This descriptive novel wastes no time with unnecessary facts. It is plot driven with intensive dialogue and little character development.

After a slow start we see Danny and Darla interacting with each other and Darla showing her discomfort with being Bud's mistress and his autocratic approach to their relationship.

The reader is made to wonder what will happen as Danny and Darla fall in love. Will they meet the fate of Bud's last girlfriend and the employee who made a poor choice and inappropately touched her and paid the ultimate price.

Life is cheap in the 1930's surrounding Bud Seitz who doesn't hesitate to kill anyone who displeases him, be it a stranger or one of his employees.

While this is happening, Danny is trying to help his 11 year old neighbor Sophie who is being abused.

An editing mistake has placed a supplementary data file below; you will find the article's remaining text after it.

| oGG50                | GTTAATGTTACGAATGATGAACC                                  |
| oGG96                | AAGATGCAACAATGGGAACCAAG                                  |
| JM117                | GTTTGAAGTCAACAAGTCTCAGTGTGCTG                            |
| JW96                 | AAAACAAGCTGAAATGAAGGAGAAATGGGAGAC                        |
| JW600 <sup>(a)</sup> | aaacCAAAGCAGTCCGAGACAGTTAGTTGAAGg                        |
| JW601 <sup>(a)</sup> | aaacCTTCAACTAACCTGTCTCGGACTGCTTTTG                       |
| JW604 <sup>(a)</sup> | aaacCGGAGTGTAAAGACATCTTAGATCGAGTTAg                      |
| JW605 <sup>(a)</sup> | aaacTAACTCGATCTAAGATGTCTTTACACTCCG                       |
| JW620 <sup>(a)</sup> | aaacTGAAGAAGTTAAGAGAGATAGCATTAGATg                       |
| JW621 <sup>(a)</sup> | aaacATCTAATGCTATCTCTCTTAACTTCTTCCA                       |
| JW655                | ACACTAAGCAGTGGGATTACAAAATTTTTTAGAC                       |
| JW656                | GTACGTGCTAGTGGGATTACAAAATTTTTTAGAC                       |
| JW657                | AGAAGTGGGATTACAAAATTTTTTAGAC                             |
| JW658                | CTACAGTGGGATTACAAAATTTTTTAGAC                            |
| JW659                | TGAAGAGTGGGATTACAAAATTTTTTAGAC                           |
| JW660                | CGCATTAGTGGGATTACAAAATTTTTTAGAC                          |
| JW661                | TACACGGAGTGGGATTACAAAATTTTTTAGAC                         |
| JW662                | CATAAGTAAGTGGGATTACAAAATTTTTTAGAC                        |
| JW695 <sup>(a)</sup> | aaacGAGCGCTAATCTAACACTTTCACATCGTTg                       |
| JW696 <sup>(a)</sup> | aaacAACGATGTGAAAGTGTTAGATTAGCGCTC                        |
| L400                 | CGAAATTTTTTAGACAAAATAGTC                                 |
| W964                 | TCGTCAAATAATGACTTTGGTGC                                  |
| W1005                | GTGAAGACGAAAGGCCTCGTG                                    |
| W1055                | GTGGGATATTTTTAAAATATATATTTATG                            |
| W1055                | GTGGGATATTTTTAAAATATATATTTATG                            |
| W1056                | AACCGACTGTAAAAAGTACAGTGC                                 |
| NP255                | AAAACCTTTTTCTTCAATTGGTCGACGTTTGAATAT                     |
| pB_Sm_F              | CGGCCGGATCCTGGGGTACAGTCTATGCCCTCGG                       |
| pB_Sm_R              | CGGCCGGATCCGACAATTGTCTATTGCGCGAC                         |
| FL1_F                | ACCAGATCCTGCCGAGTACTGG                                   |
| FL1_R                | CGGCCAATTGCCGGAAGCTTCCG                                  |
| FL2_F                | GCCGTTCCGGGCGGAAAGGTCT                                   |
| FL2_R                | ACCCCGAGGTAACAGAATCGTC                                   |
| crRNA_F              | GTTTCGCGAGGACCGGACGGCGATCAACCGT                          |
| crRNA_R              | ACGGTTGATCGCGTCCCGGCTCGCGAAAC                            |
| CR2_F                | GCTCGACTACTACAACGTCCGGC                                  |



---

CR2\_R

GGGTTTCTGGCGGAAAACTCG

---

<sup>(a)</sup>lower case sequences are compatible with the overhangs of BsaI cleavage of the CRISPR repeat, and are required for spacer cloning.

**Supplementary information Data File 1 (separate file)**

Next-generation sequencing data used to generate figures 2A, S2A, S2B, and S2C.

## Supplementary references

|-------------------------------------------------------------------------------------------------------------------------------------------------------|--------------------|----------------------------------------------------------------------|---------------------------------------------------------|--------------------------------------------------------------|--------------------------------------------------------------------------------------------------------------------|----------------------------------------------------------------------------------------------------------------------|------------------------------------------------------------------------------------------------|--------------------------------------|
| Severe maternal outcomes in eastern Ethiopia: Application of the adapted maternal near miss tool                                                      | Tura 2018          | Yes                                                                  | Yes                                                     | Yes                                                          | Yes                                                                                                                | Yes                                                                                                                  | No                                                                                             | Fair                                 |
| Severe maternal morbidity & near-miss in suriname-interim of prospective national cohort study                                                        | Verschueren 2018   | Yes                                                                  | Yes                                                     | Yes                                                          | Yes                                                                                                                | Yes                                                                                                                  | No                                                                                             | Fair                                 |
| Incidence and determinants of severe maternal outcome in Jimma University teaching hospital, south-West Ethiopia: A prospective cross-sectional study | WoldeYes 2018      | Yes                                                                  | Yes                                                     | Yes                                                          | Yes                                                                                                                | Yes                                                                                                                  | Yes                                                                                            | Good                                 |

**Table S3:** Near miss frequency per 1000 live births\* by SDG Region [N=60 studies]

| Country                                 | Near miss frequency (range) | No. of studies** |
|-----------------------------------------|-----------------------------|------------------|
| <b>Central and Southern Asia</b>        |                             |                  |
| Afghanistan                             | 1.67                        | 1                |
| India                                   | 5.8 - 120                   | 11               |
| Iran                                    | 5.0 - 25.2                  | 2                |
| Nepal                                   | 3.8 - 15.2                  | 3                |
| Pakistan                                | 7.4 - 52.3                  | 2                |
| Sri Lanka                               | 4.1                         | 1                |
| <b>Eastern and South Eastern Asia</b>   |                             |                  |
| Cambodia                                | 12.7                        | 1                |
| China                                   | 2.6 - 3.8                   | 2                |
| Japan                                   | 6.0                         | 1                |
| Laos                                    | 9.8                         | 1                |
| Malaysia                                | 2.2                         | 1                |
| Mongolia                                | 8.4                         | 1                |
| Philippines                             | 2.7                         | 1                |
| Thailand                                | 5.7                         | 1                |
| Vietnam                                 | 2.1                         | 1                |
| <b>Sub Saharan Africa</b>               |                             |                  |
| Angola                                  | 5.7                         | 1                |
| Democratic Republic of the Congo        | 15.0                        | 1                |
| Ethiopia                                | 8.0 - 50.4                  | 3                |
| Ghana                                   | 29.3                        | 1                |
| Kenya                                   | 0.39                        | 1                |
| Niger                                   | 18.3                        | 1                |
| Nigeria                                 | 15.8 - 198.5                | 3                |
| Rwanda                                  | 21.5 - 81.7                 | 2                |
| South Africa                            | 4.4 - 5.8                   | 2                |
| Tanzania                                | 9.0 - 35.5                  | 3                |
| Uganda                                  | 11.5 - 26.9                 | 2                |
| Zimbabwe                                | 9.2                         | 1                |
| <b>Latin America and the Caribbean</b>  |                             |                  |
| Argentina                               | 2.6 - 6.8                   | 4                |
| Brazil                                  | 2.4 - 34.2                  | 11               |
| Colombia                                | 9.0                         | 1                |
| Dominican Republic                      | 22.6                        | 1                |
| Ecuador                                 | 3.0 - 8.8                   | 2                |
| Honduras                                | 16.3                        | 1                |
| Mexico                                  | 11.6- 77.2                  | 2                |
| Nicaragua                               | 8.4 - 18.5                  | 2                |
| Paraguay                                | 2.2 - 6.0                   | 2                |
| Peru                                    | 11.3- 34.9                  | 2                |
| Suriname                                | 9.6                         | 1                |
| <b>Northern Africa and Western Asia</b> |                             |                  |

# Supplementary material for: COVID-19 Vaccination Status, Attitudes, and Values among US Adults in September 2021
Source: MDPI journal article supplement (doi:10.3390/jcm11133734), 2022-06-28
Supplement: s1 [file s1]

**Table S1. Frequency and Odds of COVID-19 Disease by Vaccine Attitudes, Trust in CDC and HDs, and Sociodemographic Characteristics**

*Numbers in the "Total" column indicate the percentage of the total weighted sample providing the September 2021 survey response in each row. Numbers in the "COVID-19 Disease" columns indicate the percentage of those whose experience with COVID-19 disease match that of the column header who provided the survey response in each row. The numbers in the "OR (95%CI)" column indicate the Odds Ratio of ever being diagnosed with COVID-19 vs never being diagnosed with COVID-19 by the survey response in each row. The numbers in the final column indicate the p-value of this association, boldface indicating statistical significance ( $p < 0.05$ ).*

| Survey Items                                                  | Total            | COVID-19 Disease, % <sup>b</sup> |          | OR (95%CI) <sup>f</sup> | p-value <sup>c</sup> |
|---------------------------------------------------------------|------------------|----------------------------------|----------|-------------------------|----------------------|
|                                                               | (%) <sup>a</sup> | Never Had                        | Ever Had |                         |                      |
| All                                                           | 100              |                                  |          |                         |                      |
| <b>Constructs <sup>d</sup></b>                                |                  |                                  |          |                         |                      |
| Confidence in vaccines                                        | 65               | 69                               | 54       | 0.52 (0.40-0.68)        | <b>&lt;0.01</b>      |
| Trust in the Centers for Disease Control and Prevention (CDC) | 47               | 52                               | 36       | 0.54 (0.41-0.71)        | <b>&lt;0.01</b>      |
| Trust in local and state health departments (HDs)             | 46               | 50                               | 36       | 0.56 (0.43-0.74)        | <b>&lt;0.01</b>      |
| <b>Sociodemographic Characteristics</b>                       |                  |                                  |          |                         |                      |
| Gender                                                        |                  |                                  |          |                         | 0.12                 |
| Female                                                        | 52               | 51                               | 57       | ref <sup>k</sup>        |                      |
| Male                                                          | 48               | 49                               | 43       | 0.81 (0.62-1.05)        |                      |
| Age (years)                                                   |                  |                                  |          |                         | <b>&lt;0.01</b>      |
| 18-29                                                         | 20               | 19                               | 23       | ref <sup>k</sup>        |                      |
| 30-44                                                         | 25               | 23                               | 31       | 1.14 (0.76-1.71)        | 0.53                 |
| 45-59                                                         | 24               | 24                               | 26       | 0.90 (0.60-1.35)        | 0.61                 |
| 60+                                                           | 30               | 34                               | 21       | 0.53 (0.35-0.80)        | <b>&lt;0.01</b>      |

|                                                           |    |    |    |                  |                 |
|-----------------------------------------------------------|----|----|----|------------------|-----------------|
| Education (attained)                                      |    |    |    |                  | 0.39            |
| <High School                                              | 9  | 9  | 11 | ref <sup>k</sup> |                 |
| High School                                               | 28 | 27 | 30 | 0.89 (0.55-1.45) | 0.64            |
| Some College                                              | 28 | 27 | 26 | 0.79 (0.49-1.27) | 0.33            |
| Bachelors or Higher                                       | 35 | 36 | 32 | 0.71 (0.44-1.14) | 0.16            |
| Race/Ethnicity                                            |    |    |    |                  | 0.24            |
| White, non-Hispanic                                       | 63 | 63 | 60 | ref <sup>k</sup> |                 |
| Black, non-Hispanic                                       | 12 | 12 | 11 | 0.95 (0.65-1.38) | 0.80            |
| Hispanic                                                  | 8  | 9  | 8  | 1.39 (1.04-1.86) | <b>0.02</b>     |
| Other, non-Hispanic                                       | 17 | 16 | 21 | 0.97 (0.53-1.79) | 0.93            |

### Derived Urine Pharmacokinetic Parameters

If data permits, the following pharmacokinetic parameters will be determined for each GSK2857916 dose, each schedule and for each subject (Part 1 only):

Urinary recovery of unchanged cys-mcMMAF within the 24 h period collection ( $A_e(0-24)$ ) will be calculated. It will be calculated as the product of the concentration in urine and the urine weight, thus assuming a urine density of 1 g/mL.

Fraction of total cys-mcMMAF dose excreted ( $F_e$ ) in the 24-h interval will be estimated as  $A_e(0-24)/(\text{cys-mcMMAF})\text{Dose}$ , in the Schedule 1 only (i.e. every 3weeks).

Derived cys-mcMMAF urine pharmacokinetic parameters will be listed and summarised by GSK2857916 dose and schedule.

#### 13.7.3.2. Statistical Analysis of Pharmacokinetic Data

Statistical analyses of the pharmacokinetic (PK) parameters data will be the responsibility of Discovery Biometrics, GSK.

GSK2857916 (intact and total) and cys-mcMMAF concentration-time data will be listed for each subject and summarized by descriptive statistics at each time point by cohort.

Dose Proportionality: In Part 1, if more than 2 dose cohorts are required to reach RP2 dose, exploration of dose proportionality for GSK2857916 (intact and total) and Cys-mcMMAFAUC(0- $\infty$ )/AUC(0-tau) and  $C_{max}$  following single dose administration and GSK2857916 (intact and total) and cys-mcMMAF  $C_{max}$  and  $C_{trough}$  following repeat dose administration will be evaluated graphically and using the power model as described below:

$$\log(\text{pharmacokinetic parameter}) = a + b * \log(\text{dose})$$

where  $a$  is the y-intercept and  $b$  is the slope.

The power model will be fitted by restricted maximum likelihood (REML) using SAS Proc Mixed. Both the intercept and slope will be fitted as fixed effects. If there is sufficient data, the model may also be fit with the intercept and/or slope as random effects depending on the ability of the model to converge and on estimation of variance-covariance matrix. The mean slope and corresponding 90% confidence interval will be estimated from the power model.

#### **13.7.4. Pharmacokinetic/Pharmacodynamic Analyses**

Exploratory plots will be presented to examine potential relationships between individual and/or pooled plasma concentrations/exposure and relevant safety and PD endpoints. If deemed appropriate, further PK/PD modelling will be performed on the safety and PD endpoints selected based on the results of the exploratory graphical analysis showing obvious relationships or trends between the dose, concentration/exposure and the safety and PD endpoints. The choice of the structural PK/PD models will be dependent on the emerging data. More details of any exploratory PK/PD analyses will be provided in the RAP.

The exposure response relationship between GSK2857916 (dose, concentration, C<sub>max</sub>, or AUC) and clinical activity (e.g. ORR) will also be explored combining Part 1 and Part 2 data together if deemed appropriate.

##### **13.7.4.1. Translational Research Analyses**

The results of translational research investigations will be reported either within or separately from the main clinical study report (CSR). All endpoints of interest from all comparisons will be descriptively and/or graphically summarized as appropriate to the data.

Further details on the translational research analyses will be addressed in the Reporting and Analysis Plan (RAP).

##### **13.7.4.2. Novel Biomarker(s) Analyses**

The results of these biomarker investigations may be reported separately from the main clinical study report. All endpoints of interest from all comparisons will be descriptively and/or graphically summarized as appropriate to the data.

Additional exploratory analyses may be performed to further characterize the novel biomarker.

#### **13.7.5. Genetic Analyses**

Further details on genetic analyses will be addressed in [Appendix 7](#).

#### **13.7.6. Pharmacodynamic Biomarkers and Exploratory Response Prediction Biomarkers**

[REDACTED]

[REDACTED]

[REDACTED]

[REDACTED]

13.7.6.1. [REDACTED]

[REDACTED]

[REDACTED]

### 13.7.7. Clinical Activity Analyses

The plot twists and turns are interesting and we find that there is a relationship between Danny and Bud Seitz, more than just employer-employee.

The novel culminates with Danny wanting to take Darla away from Bud and Sophie away from her alcoholic mother who intends to send her to a reform school.

Very nicely done and I look forward to the filmed version that is due to be released in 2010.
4 of 4 people found the following review helpful
5.0 out of 5 stars THE KIND ONE on a DARE April 1 2008
By Sara Mahlin - Published on
Format: Hardcover